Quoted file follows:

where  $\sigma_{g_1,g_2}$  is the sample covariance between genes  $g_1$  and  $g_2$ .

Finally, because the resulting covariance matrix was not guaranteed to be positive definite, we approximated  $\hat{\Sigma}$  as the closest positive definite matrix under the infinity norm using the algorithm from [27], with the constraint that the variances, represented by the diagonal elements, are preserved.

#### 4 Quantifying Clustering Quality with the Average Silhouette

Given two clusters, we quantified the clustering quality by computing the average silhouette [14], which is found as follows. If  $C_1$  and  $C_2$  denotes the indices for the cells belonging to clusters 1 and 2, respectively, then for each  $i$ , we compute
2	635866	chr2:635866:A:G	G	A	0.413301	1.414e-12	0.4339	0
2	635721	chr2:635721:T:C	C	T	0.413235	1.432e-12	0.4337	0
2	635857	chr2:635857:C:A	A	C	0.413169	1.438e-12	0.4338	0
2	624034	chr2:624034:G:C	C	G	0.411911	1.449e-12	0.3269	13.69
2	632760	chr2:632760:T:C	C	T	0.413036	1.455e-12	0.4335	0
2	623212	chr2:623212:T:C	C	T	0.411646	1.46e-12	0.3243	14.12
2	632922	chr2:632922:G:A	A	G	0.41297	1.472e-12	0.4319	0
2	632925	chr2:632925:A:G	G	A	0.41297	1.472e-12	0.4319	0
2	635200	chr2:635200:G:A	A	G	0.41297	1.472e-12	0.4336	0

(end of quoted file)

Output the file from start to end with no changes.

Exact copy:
where  $\sigma_{g_1,g_2}$  is the sample covariance between genes  $g_1$  and  $g_2$ .

Finally, because the resulting covariance matrix was not guaranteed to be positive definite, we approximated  $\hat{\Sigma}$  as the closest positive definite matrix under the infinity norm using the algorithm from [27], with the constraint that the variances, represented by the diagonal elements, are preserved.

#### 4 Quantifying Clustering Quality with the Average Silhouette

Given two clusters, we quantified the clustering quality by computing the average silhouette [14], which is found as follows. If  $C_1$  and  $C_2$  denotes the indices for the cells belonging to clusters 1 and 2, respectively, then for each  $i$ , we compute
2	635866	chr2:635866:A:G	G	A	0.413301	1.414e-12	0.4339	0
2	635721	chr2:635721:T:C	C	T	0.413235	1.432e-12	0.4337	0
2	635857	chr2:635857:C:A	A	C	0.413169	1.438e-12	0.4338	0
2	624034	chr2:624034:G:C	C	G	0.411911	1.449e-12	0.3269	13.69
2	632760	chr2:632760:T:C	C	T	0.413036	1.455e-12	0.4335	0
2	623212	chr2:623212:T:C	C	T	0.411646	1.46e-12	0.3243	14.12
2	632922	chr2:632922:G:A	A	G	0.41297	1.472e-12	0.4319	0
2	632925	chr2:632925:A:G	G	A	0.41297	1.472e-12	0.4319	0
2	635200	chr2:635200:G:A	A	G	0.41297	1.472e-12	0.4336	0